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No hostility, just hospitality

On a trek across Europe (for college credit), students find that many Europeans still like Americans - even if they don't like the war in Iraq.

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Before slipping on his Teva sandals and setting out on a 1,500-mile walk across Europe for college credit last semester, junior Matt Soule took a deep breath and thought to himself, "Should I be worried about being an American in Europe?"

After all, the US wasn't exactly winning popularity votes among its European allies with the war in Iraq. Would he be caught in the crossfire of anti-American sentiment?

As it turned out, Matt and his peers from Franklin Pierce College in Rindge, N.H., had little to worry about. From the lush Burgundy area of France to the dry, hilly region of Tuscany, Italy, they encountered friendly faces, homecooked meals, and endless hospitality. It wasn't unusual for the locals to bring cakes, plates of cheese, and bowls of homemade soup to their tents.

"We'd ask a farmer if we could sleep on his land, he'd say yes, tell us where to find water, then never come check on us again," says Mr. Soule. "Sometimes I felt like there should have been a catch with some of these people, they were almost too nice."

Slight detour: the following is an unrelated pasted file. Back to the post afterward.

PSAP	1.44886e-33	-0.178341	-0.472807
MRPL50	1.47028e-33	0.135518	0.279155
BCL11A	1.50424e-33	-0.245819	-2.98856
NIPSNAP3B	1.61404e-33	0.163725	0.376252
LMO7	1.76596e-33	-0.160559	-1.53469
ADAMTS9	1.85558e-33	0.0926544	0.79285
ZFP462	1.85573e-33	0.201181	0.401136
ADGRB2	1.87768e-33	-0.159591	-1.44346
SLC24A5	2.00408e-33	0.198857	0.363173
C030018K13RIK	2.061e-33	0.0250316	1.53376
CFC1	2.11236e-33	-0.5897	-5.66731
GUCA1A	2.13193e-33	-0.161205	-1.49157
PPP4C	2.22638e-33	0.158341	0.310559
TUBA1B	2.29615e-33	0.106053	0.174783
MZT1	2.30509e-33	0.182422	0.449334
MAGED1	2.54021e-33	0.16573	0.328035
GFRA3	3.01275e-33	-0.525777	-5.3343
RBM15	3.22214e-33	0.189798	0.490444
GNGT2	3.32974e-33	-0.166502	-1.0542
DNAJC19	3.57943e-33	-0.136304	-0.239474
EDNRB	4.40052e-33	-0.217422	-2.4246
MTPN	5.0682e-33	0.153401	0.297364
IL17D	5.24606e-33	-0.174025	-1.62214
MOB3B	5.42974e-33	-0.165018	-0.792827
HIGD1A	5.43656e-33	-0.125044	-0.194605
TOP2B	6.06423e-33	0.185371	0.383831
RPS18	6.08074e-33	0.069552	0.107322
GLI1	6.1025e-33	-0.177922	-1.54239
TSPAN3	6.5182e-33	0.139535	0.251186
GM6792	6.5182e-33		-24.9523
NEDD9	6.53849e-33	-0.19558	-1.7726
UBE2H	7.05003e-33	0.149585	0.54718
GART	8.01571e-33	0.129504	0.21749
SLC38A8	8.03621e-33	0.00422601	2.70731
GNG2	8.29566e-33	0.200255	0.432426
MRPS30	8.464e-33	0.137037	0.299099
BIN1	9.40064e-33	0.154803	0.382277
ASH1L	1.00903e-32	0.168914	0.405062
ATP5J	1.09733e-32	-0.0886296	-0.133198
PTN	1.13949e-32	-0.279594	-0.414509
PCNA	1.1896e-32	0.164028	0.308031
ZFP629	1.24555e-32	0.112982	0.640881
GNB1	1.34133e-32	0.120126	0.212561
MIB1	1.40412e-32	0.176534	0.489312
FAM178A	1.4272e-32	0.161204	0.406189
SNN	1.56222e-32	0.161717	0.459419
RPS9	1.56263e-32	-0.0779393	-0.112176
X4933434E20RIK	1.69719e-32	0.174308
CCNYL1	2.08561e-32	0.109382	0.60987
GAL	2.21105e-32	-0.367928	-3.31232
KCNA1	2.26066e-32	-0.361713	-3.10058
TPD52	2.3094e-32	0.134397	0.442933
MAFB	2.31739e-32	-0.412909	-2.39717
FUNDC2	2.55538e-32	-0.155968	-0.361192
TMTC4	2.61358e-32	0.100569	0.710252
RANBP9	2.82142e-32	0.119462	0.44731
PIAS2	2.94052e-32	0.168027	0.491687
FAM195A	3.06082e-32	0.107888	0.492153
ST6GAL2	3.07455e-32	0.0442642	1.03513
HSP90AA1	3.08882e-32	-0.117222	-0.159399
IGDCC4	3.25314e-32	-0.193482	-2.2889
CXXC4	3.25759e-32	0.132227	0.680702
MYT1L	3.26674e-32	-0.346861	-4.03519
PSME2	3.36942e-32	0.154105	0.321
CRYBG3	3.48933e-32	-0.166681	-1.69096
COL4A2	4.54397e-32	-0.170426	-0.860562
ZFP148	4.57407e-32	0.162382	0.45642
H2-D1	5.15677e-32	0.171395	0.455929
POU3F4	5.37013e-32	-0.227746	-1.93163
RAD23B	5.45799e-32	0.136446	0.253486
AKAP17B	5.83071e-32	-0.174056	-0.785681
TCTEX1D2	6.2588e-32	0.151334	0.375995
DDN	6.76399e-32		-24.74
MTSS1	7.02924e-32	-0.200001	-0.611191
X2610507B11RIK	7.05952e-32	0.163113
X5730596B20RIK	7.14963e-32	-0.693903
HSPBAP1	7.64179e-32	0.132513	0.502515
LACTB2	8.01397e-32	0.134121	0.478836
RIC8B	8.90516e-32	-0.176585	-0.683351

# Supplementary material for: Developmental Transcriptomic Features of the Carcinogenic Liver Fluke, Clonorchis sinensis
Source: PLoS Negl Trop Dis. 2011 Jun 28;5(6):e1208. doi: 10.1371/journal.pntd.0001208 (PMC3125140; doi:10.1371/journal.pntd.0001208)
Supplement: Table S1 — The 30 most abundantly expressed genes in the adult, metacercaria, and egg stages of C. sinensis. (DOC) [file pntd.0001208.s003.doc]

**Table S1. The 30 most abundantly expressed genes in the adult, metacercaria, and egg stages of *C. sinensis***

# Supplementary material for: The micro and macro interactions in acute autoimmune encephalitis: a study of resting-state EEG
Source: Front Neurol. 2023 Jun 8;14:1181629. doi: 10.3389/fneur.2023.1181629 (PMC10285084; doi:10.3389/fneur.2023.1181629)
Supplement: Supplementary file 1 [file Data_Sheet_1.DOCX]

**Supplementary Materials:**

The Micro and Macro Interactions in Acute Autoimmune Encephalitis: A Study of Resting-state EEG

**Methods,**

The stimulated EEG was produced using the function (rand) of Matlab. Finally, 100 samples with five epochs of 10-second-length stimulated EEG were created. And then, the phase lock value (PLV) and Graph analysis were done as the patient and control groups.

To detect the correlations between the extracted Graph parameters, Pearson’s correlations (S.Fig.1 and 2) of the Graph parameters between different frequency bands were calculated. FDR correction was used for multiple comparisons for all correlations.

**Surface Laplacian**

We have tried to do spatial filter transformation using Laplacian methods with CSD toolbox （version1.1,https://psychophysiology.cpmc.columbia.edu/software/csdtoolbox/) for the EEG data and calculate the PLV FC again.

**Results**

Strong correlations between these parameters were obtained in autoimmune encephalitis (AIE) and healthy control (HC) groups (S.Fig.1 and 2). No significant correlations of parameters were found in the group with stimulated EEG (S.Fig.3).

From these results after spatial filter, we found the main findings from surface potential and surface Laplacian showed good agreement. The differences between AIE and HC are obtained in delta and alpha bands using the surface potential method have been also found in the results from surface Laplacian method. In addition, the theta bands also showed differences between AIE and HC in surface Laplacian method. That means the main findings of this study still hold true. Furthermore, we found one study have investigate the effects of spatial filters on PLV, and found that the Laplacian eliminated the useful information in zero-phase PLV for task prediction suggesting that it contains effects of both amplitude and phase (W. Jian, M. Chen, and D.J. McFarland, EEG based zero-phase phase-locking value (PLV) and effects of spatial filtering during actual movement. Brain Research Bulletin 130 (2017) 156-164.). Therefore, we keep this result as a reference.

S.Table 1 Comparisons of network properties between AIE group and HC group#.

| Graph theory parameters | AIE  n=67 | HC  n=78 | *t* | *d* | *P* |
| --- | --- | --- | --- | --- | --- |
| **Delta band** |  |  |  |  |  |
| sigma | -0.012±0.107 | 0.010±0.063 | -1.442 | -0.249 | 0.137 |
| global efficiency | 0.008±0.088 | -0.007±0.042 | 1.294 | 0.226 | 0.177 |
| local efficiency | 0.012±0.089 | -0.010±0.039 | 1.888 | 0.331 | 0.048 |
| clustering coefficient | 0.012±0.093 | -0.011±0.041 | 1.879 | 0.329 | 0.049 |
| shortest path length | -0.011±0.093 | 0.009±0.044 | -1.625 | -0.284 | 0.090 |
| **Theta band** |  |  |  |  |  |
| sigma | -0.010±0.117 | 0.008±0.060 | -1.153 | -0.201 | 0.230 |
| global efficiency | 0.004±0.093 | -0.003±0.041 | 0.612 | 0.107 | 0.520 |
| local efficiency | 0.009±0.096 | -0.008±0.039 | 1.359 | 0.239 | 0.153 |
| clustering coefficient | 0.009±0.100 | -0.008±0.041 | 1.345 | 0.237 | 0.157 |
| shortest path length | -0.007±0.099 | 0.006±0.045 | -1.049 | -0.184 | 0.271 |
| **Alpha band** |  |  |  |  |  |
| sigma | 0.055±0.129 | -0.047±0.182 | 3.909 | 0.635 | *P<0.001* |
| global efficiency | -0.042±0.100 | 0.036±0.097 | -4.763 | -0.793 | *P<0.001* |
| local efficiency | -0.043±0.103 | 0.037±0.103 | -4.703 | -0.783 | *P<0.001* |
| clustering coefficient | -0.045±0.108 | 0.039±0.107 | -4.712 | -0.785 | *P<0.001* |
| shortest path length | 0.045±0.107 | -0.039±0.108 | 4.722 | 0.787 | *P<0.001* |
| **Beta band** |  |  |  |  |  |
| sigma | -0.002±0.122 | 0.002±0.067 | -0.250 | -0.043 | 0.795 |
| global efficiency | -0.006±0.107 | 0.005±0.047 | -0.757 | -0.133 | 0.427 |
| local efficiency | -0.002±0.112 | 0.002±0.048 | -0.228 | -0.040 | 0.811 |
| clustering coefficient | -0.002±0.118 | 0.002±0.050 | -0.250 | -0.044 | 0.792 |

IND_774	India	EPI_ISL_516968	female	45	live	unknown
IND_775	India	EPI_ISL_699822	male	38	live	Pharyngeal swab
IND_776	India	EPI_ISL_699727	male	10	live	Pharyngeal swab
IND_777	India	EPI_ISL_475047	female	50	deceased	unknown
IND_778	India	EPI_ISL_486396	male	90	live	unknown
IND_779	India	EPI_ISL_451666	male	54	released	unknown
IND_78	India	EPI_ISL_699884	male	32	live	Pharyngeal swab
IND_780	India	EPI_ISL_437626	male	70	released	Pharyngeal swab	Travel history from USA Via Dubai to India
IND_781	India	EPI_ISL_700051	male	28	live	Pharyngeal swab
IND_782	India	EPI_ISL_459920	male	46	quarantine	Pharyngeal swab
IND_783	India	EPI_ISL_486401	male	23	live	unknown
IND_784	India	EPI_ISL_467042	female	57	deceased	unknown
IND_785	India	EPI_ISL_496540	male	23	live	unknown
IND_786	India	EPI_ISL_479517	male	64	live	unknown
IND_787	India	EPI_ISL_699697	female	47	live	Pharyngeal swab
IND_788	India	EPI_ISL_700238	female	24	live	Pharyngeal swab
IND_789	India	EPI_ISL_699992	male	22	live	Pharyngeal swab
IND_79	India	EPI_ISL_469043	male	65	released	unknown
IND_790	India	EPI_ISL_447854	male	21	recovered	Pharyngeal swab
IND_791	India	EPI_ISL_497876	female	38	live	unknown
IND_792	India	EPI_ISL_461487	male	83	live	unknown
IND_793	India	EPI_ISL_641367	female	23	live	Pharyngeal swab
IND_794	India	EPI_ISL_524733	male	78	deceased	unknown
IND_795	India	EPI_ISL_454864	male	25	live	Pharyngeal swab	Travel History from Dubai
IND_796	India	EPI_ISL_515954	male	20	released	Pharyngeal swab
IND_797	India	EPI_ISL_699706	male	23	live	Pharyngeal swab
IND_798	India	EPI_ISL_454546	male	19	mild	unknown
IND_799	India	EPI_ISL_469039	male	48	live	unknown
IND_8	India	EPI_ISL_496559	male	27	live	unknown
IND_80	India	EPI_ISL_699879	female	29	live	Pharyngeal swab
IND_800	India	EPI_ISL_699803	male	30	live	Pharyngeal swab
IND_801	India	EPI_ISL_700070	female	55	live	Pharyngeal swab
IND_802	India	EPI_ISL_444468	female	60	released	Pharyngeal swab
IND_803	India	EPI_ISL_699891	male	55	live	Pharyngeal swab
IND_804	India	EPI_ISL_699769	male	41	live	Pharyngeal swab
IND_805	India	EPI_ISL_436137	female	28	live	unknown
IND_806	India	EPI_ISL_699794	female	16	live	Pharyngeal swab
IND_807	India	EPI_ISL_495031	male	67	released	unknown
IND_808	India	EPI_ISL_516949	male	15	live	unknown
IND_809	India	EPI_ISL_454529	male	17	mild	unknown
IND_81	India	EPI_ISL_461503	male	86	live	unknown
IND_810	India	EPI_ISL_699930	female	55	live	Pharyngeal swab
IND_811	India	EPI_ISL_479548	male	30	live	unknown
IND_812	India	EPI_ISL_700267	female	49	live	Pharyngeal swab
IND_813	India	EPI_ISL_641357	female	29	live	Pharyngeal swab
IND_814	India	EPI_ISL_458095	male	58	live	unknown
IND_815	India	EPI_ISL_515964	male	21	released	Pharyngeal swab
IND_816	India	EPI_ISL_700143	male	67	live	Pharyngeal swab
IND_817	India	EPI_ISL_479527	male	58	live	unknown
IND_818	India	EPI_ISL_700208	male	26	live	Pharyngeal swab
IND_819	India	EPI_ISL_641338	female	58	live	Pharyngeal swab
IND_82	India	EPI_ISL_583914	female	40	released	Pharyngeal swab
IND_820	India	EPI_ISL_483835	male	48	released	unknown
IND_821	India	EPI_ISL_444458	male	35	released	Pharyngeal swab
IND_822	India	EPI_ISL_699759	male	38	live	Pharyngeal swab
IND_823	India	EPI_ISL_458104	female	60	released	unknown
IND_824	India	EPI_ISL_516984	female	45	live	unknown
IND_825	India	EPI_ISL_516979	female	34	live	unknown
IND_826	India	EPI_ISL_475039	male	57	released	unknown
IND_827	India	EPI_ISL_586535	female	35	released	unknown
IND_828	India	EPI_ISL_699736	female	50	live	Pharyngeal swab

True, the paths they chose were often country roads, where they were more likely to run into cows, boars, and donkeys than people. But that didn't stop program coordinator Taylor Morris from worrying about their safety.

"I had a little bit more apprehension going this year than I ever had before, simply because of the war in Iraq. But I still found that in general, Europeans are more sophisticated politically, and they are able separate people from their government," says Mr. Morris, who has logged more than 15,000 miles over 13 years on the various walks.

Over 3-1/2 months, 44 students, leaders, and assistants walked 12 to 15 miles a day along the country roads of several European countries (see map, left). The students pitched a tent on a different farm every night and carted a ton and a half of equipment in a large Avis truck. It was part of Franklin Pierce's "Walk in Europe" program. Now in its 35th year, the walk is offered every fall semester, and the route changes each time.

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